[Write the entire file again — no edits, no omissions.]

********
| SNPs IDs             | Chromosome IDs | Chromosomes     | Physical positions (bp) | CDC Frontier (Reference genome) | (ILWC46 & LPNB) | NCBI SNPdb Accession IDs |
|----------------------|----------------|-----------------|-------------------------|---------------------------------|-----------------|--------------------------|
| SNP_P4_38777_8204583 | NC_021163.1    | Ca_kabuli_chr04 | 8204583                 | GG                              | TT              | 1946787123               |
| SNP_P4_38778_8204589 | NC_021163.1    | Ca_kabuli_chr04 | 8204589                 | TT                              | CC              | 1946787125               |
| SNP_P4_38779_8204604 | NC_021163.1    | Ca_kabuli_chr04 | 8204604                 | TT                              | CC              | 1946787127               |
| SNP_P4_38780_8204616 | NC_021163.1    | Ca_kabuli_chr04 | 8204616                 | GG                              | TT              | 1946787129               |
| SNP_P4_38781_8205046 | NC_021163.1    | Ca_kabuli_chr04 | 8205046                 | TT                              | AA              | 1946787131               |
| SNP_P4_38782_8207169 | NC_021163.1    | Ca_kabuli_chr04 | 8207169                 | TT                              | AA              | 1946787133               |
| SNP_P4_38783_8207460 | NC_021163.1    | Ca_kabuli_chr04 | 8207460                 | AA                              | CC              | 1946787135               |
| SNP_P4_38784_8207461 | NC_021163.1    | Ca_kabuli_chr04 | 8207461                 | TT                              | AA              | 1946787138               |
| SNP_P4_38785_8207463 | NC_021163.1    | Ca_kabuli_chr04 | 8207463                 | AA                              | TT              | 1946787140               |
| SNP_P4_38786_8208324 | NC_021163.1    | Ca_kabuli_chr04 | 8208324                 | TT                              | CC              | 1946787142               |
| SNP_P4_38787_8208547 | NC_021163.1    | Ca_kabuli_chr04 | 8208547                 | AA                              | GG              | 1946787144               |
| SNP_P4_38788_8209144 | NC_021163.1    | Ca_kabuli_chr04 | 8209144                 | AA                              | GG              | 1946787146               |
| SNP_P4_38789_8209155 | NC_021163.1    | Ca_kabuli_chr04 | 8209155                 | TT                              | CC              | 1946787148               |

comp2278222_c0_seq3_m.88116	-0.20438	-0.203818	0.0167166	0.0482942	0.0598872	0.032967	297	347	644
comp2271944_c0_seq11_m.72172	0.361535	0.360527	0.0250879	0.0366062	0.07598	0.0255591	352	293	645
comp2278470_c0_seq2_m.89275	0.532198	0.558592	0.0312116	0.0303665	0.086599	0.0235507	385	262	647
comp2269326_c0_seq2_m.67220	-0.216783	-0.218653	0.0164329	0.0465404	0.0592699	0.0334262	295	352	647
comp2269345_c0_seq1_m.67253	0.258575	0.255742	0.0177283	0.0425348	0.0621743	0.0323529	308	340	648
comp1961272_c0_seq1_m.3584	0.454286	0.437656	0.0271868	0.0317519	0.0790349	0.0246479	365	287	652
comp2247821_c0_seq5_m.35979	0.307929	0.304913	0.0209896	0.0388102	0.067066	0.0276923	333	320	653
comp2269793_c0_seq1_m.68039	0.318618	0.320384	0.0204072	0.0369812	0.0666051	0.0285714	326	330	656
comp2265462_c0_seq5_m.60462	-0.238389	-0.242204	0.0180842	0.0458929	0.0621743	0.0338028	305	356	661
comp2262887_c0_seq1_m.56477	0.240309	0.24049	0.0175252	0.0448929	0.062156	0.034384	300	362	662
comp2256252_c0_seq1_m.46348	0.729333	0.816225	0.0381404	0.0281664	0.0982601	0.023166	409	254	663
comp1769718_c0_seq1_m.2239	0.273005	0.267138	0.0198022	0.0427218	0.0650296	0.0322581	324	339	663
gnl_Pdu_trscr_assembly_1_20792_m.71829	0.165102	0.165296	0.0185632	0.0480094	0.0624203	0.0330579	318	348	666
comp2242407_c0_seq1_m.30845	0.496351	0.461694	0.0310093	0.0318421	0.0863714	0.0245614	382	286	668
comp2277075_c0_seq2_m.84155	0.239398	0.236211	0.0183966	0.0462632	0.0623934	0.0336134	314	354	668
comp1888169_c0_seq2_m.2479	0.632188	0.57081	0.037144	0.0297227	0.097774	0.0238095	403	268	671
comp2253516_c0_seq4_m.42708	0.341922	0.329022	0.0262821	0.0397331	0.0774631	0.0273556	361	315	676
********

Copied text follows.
| SNPs IDs             | Chromosome IDs | Chromosomes     | Physical positions (bp) | CDC Frontier (Reference genome) | (ILWC46 & LPNB) | NCBI SNPdb Accession IDs |
|----------------------|----------------|-----------------|-------------------------|---------------------------------|-----------------|--------------------------|
| SNP_P4_38777_8204583 | NC_021163.1    | Ca_kabuli_chr04 | 8204583                 | GG                              | TT              | 1946787123               |
| SNP_P4_38778_8204589 | NC_021163.1    | Ca_kabuli_chr04 | 8204589                 | TT                              | CC              | 1946787125               |
| SNP_P4_38779_8204604 | NC_021163.1    | Ca_kabuli_chr04 | 8204604                 | TT                              | CC              | 1946787127               |
| SNP_P4_38780_8204616 | NC_021163.1    | Ca_kabuli_chr04 | 8204616                 | GG                              | TT              | 1946787129               |
| SNP_P4_38781_8205046 | NC_021163.1    | Ca_kabuli_chr04 | 8205046                 | TT                              | AA              | 1946787131               |
| SNP_P4_38782_8207169 | NC_021163.1    | Ca_kabuli_chr04 | 8207169                 | TT                              | AA              | 1946787133               |
| SNP_P4_38783_8207460 | NC_021163.1    | Ca_kabuli_chr04 | 8207460                 | AA                              | CC              | 1946787135               |
| SNP_P4_38784_8207461 | NC_021163.1    | Ca_kabuli_chr04 | 8207461                 | TT                              | AA              | 1946787138               |
| SNP_P4_38785_8207463 | NC_021163.1    | Ca_kabuli_chr04 | 8207463                 | AA                              | TT              | 1946787140               |
| SNP_P4_38786_8208324 | NC_021163.1    | Ca_kabuli_chr04 | 8208324                 | TT                              | CC              | 1946787142               |
| SNP_P4_38787_8208547 | NC_021163.1    | Ca_kabuli_chr04 | 8208547                 | AA                              | GG              | 1946787144               |
| SNP_P4_38788_8209144 | NC_021163.1    | Ca_kabuli_chr04 | 8209144                 | AA                              | GG              | 1946787146               |
| SNP_P4_38789_8209155 | NC_021163.1    | Ca_kabuli_chr04 | 8209155                 | TT                              | CC              | 1946787148               |

comp2278222_c0_seq3_m.88116	-0.20438	-0.203818	0.0167166	0.0482942	0.0598872	0.032967	297	347	644
comp2271944_c0_seq11_m.72172	0.361535	0.360527	0.0250879	0.0366062	0.07598	0.0255591	352	293	645
comp2278470_c0_seq2_m.89275	0.532198	0.558592	0.0312116	0.0303665	0.086599	0.0235507	385	262	647
comp2269326_c0_seq2_m.67220	-0.216783	-0.218653	0.0164329	0.0465404	0.0592699	0.0334262	295	352	647
comp2269345_c0_seq1_m.67253	0.258575	0.255742	0.0177283	0.0425348	0.0621743	0.0323529	308	340	648
comp1961272_c0_seq1_m.3584	0.454286	0.437656	0.0271868	0.0317519	0.0790349	0.0246479	365	287	652
comp2247821_c0_seq5_m.35979	0.307929	0.304913	0.0209896	0.0388102	0.067066	0.0276923	333	320	653
comp2269793_c0_seq1_m.68039	0.318618	0.320384	0.0204072	0.0369812	0.0666051	0.0285714	326	330	656
comp2265462_c0_seq5_m.60462	-0.238389	-0.242204	0.0180842	0.0458929	0.0621743	0.0338028	305	356	661
comp2262887_c0_seq1_m.56477	0.240309	0.24049	0.0175252	0.0448929	0.062156	0.034384	300	362	662
comp2256252_c0_seq1_m.46348	0.729333	0.816225	0.0381404	0.0281664	0.0982601	0.023166	409	254	663
comp1769718_c0_seq1_m.2239	0.273005	0.267138	0.0198022	0.0427218	0.0650296	0.0322581	324	339	663
gnl_Pdu_trscr_assembly_1_20792_m.71829	0.165102	0.165296	0.0185632	0.0480094	0.0624203	0.0330579	318	348	666
comp2242407_c0_seq1_m.30845	0.496351	0.461694	0.0310093	0.0318421	0.0863714	0.0245614	382	286	668
comp2277075_c0_seq2_m.84155	0.239398	0.236211	0.0183966	0.0462632	0.0623934	0.0336134	314	354	668
comp1888169_c0_seq2_m.2479	0.632188	0.57081	0.037144	0.0297227	0.097774	0.0238095	403	268	671
comp2253516_c0_seq4_m.42708	0.341922	0.329022	0.0262821	0.0397331	0.0774631	0.0273556	361	315	676